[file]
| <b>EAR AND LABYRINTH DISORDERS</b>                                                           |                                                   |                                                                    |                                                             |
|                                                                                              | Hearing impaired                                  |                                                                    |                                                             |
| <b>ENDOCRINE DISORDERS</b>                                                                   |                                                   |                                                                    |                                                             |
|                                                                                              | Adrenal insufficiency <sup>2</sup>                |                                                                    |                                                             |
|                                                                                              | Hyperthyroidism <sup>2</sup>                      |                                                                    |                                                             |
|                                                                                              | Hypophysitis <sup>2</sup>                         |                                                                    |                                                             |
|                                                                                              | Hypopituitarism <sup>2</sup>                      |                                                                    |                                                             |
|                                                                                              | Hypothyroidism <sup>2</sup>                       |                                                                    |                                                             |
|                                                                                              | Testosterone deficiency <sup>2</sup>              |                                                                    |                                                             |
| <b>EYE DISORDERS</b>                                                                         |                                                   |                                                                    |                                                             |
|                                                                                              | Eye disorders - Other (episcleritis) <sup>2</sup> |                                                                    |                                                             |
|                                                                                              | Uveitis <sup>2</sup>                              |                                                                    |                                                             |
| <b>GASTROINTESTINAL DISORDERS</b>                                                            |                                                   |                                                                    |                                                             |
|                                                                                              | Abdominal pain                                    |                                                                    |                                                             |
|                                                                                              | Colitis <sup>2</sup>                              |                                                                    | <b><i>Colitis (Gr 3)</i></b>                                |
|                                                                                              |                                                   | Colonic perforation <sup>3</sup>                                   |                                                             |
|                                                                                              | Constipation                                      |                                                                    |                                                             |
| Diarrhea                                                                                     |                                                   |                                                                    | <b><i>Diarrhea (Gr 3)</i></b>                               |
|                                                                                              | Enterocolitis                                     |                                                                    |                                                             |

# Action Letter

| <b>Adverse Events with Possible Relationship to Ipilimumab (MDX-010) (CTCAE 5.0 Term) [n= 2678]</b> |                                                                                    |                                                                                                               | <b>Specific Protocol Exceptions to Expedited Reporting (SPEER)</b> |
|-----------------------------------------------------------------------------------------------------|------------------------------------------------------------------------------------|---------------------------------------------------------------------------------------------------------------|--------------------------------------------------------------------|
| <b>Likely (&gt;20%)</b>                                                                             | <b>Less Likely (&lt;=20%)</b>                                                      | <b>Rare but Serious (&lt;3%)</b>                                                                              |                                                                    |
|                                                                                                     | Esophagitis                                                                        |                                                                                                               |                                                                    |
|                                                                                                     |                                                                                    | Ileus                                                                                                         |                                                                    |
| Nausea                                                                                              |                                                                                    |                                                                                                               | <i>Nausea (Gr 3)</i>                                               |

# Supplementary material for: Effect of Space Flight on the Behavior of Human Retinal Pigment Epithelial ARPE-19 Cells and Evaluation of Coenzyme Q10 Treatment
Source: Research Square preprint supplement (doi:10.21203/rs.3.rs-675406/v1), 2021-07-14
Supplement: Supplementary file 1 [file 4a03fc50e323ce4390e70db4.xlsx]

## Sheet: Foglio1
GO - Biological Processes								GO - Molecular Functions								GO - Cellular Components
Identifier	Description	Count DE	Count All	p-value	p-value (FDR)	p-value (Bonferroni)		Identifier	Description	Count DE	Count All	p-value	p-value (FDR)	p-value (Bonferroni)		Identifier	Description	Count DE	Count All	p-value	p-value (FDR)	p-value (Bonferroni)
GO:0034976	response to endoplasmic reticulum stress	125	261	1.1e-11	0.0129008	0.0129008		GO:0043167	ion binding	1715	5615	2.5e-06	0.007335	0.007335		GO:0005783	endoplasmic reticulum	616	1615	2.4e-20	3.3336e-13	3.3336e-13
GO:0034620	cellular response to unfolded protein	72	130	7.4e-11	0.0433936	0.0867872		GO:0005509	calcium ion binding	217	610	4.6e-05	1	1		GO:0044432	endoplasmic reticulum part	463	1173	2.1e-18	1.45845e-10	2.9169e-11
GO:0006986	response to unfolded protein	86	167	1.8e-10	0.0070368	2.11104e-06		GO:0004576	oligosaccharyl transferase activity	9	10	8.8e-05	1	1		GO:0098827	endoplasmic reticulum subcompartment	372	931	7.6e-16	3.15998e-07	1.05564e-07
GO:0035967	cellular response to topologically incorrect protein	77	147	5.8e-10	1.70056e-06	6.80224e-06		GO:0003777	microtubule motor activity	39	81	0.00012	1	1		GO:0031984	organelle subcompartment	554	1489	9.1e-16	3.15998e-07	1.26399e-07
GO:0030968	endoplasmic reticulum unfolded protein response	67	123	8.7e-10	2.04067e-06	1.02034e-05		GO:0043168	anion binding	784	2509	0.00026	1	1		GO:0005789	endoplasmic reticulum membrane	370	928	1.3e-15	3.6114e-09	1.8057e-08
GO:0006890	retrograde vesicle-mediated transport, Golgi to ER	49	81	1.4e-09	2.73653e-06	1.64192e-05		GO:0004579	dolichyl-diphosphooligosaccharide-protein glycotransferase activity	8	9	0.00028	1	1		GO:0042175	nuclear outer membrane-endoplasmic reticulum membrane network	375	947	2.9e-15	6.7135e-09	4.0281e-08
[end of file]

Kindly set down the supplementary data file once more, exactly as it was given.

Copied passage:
| <b>EAR AND LABYRINTH DISORDERS</b>                                                           |                                                   |                                                                    |                                                             |
|                                                                                              | Hearing impaired                                  |                                                                    |                                                             |
| <b>ENDOCRINE DISORDERS</b>                                                                   |                                                   |                                                                    |                                                             |
|                                                                                              | Adrenal insufficiency <sup>2</sup>                |                                                                    |                                                             |
|                                                                                              | Hyperthyroidism <sup>2</sup>                      |                                                                    |                                                             |
|                                                                                              | Hypophysitis <sup>2</sup>                         |                                                                    |                                                             |
|                                                                                              | Hypopituitarism <sup>2</sup>                      |                                                                    |                                                             |
|                                                                                              | Hypothyroidism <sup>2</sup>                       |                                                                    |                                                             |
|                                                                                              | Testosterone deficiency <sup>2</sup>              |                                                                    |                                                             |
| <b>EYE DISORDERS</b>                                                                         |                                                   |                                                                    |                                                             |
|                                                                                              | Eye disorders - Other (episcleritis) <sup>2</sup> |                                                                    |                                                             |
|                                                                                              | Uveitis <sup>2</sup>                              |                                                                    |                                                             |
| <b>GASTROINTESTINAL DISORDERS</b>                                                            |                                                   |                                                                    |                                                             |
|                                                                                              | Abdominal pain                                    |                                                                    |                                                             |
|                                                                                              | Colitis <sup>2</sup>                              |                                                                    | <b><i>Colitis (Gr 3)</i></b>                                |
|                                                                                              |                                                   | Colonic perforation <sup>3</sup>                                   |                                                             |
|                                                                                              | Constipation                                      |                                                                    |                                                             |
| Diarrhea                                                                                     |                                                   |                                                                    | <b><i>Diarrhea (Gr 3)</i></b>                               |
|                                                                                              | Enterocolitis                                     |                                                                    |                                                             |

# Action Letter

| <b>Adverse Events with Possible Relationship to Ipilimumab (MDX-010) (CTCAE 5.0 Term) [n= 2678]</b> |                                                                                    |                                                                                                               | <b>Specific Protocol Exceptions to Expedited Reporting (SPEER)</b> |
|-----------------------------------------------------------------------------------------------------|------------------------------------------------------------------------------------|---------------------------------------------------------------------------------------------------------------|--------------------------------------------------------------------|
| <b>Likely (&gt;20%)</b>                                                                             | <b>Less Likely (&lt;=20%)</b>                                                      | <b>Rare but Serious (&lt;3%)</b>                                                                              |                                                                    |
|                                                                                                     | Esophagitis                                                                        |                                                                                                               |                                                                    |
|                                                                                                     |                                                                                    | Ileus                                                                                                         |                                                                    |
| Nausea                                                                                              |                                                                                    |                                                                                                               | <i>Nausea (Gr 3)</i>                                               |

# Supplementary material for: Effect of Space Flight on the Behavior of Human Retinal Pigment Epithelial ARPE-19 Cells and Evaluation of Coenzyme Q10 Treatment
Source: Research Square preprint supplement (doi:10.21203/rs.3.rs-675406/v1), 2021-07-14
Supplement: Supplementary file 1 [file 4a03fc50e323ce4390e70db4.xlsx]

## Sheet: Foglio1
GO - Biological Processes								GO - Molecular Functions								GO - Cellular Components
Identifier	Description	Count DE	Count All	p-value	p-value (FDR)	p-value (Bonferroni)		Identifier	Description	Count DE	Count All	p-value	p-value (FDR)	p-value (Bonferroni)		Identifier	Description	Count DE	Count All	p-value	p-value (FDR)	p-value (Bonferroni)
GO:0034976	response to endoplasmic reticulum stress	125	261	1.1e-11	0.0129008	0.0129008		GO:0043167	ion binding	1715	5615	2.5e-06	0.007335	0.007335		GO:0005783	endoplasmic reticulum	616	1615	2.4e-20	3.3336e-13	3.3336e-13
GO:0034620	cellular response to unfolded protein	72	130	7.4e-11	0.0433936	0.0867872		GO:0005509	calcium ion binding	217	610	4.6e-05	1	1		GO:0044432	endoplasmic reticulum part	463	1173	2.1e-18	1.45845e-10	2.9169e-11
GO:0006986	response to unfolded protein	86	167	1.8e-10	0.0070368	2.11104e-06		GO:0004576	oligosaccharyl transferase activity	9	10	8.8e-05	1	1		GO:0098827	endoplasmic reticulum subcompartment	372	931	7.6e-16	3.15998e-07	1.05564e-07
GO:0035967	cellular response to topologically incorrect protein	77	147	5.8e-10	1.70056e-06	6.80224e-06		GO:0003777	microtubule motor activity	39	81	0.00012	1	1		GO:0031984	organelle subcompartment	554	1489	9.1e-16	3.15998e-07	1.26399e-07
GO:0030968	endoplasmic reticulum unfolded protein response	67	123	8.7e-10	2.04067e-06	1.02034e-05		GO:0043168	anion binding	784	2509	0.00026	1	1		GO:0005789	endoplasmic reticulum membrane	370	928	1.3e-15	3.6114e-09	1.8057e-08
GO:0006890	retrograde vesicle-mediated transport, Golgi to ER	49	81	1.4e-09	2.73653e-06	1.64192e-05		GO:0004579	dolichyl-diphosphooligosaccharide-protein glycotransferase activity	8	9	0.00028	1	1		GO:0042175	nuclear outer membrane-endoplasmic reticulum membrane network	375	947	2.9e-15	6.7135e-09	4.0281e-08